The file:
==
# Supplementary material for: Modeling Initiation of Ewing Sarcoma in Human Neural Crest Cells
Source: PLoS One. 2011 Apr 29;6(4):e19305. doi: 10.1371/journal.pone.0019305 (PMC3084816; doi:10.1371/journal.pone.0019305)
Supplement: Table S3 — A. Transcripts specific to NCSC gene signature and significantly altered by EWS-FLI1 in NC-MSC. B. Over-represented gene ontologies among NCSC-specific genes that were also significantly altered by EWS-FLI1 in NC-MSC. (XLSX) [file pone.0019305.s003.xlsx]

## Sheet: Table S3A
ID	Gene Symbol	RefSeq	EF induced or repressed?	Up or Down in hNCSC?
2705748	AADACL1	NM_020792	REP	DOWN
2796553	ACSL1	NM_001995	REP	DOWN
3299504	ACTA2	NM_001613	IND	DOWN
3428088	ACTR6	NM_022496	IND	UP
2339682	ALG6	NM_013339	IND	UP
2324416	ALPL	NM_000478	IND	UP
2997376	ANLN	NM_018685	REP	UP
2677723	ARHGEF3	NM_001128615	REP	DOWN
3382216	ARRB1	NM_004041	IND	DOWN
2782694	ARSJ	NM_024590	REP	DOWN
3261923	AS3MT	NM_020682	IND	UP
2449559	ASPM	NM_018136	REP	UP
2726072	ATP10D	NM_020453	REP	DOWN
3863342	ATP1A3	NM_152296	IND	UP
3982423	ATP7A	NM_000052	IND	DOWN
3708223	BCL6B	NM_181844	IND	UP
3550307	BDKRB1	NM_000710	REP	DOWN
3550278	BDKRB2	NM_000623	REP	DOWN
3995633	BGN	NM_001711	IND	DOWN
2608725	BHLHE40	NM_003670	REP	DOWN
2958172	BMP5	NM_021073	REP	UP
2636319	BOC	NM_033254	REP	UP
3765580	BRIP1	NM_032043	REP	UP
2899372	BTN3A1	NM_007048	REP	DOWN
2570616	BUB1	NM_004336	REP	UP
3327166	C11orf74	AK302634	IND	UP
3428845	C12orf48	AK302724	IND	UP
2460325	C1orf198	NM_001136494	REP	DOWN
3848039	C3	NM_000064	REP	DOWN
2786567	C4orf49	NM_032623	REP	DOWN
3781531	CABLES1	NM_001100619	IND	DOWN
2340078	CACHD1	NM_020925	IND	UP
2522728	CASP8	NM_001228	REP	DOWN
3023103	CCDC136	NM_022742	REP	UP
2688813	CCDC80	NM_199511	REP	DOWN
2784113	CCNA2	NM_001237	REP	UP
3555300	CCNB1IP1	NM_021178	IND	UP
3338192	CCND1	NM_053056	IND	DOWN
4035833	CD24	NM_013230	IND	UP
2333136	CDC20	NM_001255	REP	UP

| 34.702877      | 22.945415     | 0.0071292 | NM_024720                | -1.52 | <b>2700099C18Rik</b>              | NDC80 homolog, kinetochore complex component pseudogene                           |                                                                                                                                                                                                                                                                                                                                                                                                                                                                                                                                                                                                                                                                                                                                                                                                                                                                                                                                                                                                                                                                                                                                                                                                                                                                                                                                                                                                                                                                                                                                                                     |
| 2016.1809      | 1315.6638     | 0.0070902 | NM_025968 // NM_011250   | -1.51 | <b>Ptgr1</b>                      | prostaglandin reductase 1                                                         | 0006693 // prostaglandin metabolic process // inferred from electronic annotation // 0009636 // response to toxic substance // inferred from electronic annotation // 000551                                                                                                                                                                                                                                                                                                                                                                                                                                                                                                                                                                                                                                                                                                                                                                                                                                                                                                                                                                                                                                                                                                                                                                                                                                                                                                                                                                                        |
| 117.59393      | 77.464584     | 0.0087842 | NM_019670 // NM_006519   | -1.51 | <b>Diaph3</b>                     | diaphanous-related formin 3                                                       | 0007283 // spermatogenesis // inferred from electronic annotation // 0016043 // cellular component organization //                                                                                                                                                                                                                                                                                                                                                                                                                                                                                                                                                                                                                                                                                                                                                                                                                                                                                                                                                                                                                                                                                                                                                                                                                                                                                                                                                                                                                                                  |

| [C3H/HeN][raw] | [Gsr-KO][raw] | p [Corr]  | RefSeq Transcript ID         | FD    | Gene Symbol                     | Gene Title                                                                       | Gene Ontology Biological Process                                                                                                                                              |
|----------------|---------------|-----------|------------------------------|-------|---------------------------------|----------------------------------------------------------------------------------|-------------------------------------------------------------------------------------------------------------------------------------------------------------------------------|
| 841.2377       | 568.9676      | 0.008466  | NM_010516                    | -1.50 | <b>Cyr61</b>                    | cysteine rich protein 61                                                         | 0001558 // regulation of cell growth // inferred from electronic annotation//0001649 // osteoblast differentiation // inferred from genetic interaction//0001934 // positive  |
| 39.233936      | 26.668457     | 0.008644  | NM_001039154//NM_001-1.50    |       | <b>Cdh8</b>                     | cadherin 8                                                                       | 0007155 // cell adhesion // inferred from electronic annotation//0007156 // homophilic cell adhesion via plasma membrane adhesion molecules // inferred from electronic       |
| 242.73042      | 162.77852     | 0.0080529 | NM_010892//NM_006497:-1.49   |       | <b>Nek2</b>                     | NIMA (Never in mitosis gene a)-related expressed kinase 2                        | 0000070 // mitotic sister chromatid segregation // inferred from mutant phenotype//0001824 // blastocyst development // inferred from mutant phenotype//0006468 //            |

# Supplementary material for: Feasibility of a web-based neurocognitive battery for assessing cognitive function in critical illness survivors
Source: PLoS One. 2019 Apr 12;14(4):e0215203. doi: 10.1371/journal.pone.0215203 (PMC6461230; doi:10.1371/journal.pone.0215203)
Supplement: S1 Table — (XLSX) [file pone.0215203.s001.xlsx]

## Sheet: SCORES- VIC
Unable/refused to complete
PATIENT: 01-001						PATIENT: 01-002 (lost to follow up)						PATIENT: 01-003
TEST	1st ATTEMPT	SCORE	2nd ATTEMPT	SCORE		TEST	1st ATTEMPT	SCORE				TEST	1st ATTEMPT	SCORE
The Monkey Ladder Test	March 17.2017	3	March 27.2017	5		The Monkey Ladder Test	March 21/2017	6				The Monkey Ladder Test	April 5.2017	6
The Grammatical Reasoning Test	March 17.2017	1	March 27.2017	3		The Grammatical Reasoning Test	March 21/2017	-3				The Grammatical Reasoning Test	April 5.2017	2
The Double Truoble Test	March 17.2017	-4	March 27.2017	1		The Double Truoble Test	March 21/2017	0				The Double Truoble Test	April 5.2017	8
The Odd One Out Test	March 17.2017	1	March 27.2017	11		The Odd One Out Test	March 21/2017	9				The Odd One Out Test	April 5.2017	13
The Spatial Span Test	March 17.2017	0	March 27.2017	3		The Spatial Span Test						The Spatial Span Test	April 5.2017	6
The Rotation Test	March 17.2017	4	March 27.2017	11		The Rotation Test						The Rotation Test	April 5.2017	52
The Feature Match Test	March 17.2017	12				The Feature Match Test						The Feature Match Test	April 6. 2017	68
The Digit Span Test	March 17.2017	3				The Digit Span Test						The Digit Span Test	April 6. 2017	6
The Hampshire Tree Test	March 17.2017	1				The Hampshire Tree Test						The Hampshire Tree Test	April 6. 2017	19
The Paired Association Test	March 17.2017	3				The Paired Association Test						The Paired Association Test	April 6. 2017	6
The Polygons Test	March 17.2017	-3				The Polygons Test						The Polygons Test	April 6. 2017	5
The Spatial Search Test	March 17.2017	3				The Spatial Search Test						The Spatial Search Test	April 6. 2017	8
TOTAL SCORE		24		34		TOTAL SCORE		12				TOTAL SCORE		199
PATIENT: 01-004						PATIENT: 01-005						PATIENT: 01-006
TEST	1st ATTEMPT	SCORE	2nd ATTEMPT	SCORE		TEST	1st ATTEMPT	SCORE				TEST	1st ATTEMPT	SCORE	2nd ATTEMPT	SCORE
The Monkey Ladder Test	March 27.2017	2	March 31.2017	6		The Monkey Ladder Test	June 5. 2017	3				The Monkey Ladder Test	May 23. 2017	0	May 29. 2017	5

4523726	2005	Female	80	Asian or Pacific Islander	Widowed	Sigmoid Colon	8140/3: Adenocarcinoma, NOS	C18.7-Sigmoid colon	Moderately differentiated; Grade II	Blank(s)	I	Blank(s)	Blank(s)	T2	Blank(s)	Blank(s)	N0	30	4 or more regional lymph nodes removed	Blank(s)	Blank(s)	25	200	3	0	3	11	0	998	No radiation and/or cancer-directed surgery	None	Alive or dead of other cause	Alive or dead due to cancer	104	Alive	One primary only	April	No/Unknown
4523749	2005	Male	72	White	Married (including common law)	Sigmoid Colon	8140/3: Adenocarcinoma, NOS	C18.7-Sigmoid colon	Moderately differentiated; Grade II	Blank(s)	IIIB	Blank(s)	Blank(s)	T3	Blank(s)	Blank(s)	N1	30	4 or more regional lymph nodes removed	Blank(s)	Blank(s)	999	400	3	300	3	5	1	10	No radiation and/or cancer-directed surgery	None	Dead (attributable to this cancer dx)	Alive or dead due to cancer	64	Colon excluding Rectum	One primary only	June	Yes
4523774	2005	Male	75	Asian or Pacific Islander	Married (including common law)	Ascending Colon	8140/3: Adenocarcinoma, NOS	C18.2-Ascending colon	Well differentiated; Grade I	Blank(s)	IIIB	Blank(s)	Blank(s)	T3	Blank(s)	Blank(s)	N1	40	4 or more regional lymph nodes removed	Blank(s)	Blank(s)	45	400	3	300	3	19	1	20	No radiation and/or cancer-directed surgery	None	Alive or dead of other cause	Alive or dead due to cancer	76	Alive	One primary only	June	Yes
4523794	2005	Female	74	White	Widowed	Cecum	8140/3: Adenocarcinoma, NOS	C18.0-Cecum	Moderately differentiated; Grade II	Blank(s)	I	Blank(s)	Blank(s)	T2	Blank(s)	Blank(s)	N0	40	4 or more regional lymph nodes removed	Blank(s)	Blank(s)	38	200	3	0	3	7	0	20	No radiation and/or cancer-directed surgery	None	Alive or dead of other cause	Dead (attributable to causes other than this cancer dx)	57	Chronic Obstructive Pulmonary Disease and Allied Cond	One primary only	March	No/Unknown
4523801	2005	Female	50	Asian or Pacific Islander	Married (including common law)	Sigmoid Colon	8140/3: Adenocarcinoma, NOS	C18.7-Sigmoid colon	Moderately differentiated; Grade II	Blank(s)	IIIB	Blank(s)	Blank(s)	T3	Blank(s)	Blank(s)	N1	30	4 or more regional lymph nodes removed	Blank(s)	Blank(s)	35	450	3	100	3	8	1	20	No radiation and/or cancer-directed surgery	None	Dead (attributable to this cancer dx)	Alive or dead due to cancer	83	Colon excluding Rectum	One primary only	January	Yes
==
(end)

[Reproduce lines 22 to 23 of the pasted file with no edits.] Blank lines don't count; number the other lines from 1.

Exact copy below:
3550307	BDKRB1	NM_000710	REP	DOWN
3550278	BDKRB2	NM_000623	REP	DOWN